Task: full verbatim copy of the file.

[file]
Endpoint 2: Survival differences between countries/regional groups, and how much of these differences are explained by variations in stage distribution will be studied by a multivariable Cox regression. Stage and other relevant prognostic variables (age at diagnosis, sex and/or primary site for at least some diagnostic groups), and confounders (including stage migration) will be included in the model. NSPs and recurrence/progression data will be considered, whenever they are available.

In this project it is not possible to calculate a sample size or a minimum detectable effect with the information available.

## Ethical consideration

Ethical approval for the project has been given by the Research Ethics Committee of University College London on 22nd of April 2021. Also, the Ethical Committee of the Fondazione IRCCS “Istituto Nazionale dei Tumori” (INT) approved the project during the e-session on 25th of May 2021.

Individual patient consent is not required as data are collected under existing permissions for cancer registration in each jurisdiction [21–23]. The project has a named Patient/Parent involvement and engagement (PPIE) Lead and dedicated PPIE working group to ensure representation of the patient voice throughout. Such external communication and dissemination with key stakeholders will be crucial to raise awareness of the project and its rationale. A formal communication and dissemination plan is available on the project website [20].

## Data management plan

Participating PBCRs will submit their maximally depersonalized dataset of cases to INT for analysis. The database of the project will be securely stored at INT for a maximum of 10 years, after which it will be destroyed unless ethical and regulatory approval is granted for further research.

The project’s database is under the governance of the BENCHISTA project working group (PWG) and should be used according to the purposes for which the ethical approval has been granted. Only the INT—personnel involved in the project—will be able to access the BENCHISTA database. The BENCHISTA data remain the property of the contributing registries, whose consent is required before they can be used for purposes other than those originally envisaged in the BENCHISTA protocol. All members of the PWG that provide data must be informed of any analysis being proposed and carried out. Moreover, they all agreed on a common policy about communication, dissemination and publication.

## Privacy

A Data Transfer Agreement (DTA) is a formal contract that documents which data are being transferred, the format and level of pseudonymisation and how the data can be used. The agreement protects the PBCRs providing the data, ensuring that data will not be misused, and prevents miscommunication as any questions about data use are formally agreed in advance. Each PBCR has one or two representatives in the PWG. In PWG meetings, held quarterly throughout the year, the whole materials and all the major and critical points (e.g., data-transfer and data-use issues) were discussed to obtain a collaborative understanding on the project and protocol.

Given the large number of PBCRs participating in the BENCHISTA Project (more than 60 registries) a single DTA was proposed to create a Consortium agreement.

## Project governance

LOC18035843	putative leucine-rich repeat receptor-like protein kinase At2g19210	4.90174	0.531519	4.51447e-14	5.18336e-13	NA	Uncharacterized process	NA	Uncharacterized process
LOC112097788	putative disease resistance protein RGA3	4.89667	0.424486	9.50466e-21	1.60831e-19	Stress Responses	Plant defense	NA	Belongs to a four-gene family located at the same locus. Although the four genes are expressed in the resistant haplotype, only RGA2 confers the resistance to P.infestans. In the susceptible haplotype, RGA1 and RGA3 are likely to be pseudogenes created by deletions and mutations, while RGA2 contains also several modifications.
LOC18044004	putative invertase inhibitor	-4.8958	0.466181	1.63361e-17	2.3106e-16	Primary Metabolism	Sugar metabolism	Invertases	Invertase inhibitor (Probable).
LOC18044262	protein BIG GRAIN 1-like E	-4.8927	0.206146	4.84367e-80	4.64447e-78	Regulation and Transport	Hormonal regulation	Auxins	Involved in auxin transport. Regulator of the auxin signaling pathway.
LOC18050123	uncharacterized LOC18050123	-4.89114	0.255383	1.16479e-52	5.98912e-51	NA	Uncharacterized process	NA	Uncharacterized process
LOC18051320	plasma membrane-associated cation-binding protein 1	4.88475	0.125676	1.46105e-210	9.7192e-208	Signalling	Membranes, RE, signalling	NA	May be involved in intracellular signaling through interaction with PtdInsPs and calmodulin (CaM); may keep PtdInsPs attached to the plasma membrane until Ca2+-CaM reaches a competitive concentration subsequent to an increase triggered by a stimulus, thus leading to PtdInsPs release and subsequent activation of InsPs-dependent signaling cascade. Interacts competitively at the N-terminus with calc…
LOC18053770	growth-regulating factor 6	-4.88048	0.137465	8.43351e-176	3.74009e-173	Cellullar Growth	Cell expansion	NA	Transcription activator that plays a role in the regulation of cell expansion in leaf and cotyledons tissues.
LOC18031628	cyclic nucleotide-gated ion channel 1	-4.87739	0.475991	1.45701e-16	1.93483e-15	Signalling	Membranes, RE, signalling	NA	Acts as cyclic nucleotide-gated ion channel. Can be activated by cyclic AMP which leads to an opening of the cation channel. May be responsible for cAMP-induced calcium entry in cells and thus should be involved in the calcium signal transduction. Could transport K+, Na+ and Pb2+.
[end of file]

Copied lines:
Endpoint 2: Survival differences between countries/regional groups, and how much of these differences are explained by variations in stage distribution will be studied by a multivariable Cox regression. Stage and other relevant prognostic variables (age at diagnosis, sex and/or primary site for at least some diagnostic groups), and confounders (including stage migration) will be included in the model. NSPs and recurrence/progression data will be considered, whenever they are available.

In this project it is not possible to calculate a sample size or a minimum detectable effect with the information available.

## Ethical consideration

Ethical approval for the project has been given by the Research Ethics Committee of University College London on 22nd of April 2021. Also, the Ethical Committee of the Fondazione IRCCS “Istituto Nazionale dei Tumori” (INT) approved the project during the e-session on 25th of May 2021.

Individual patient consent is not required as data are collected under existing permissions for cancer registration in each jurisdiction [21–23]. The project has a named Patient/Parent involvement and engagement (PPIE) Lead and dedicated PPIE working group to ensure representation of the patient voice throughout. Such external communication and dissemination with key stakeholders will be crucial to raise awareness of the project and its rationale. A formal communication and dissemination plan is available on the project website [20].

## Data management plan

Participating PBCRs will submit their maximally depersonalized dataset of cases to INT for analysis. The database of the project will be securely stored at INT for a maximum of 10 years, after which it will be destroyed unless ethical and regulatory approval is granted for further research.

The project’s database is under the governance of the BENCHISTA project working group (PWG) and should be used according to the purposes for which the ethical approval has been granted. Only the INT—personnel involved in the project—will be able to access the BENCHISTA database. The BENCHISTA data remain the property of the contributing registries, whose consent is required before they can be used for purposes other than those originally envisaged in the BENCHISTA protocol. All members of the PWG that provide data must be informed of any analysis being proposed and carried out. Moreover, they all agreed on a common policy about communication, dissemination and publication.

## Privacy

A Data Transfer Agreement (DTA) is a formal contract that documents which data are being transferred, the format and level of pseudonymisation and how the data can be used. The agreement protects the PBCRs providing the data, ensuring that data will not be misused, and prevents miscommunication as any questions about data use are formally agreed in advance. Each PBCR has one or two representatives in the PWG. In PWG meetings, held quarterly throughout the year, the whole materials and all the major and critical points (e.g., data-transfer and data-use issues) were discussed to obtain a collaborative understanding on the project and protocol.

Given the large number of PBCRs participating in the BENCHISTA Project (more than 60 registries) a single DTA was proposed to create a Consortium agreement.

## Project governance

LOC18035843	putative leucine-rich repeat receptor-like protein kinase At2g19210	4.90174	0.531519	4.51447e-14	5.18336e-13	NA	Uncharacterized process	NA	Uncharacterized process
LOC112097788	putative disease resistance protein RGA3	4.89667	0.424486	9.50466e-21	1.60831e-19	Stress Responses	Plant defense	NA	Belongs to a four-gene family located at the same locus. Although the four genes are expressed in the resistant haplotype, only RGA2 confers the resistance to P.infestans. In the susceptible haplotype, RGA1 and RGA3 are likely to be pseudogenes created by deletions and mutations, while RGA2 contains also several modifications.
LOC18044004	putative invertase inhibitor	-4.8958	0.466181	1.63361e-17	2.3106e-16	Primary Metabolism	Sugar metabolism	Invertases	Invertase inhibitor (Probable).
LOC18044262	protein BIG GRAIN 1-like E	-4.8927	0.206146	4.84367e-80	4.64447e-78	Regulation and Transport	Hormonal regulation	Auxins	Involved in auxin transport. Regulator of the auxin signaling pathway.
LOC18050123	uncharacterized LOC18050123	-4.89114	0.255383	1.16479e-52	5.98912e-51	NA	Uncharacterized process	NA	Uncharacterized process
LOC18051320	plasma membrane-associated cation-binding protein 1	4.88475	0.125676	1.46105e-210	9.7192e-208	Signalling	Membranes, RE, signalling	NA	May be involved in intracellular signaling through interaction with PtdInsPs and calmodulin (CaM); may keep PtdInsPs attached to the plasma membrane until Ca2+-CaM reaches a competitive concentration subsequent to an increase triggered by a stimulus, thus leading to PtdInsPs release and subsequent activation of InsPs-dependent signaling cascade. Interacts competitively at the N-terminus with calc…
LOC18053770	growth-regulating factor 6	-4.88048	0.137465	8.43351e-176	3.74009e-173	Cellullar Growth	Cell expansion	NA	Transcription activator that plays a role in the regulation of cell expansion in leaf and cotyledons tissues.
LOC18031628	cyclic nucleotide-gated ion channel 1	-4.87739	0.475991	1.45701e-16	1.93483e-15	Signalling	Membranes, RE, signalling	NA	Acts as cyclic nucleotide-gated ion channel. Can be activated by cyclic AMP which leads to an opening of the cation channel. May be responsible for cAMP-induced calcium entry in cells and thus should be involved in the calcium signal transduction. Could transport K+, Na+ and Pb2+.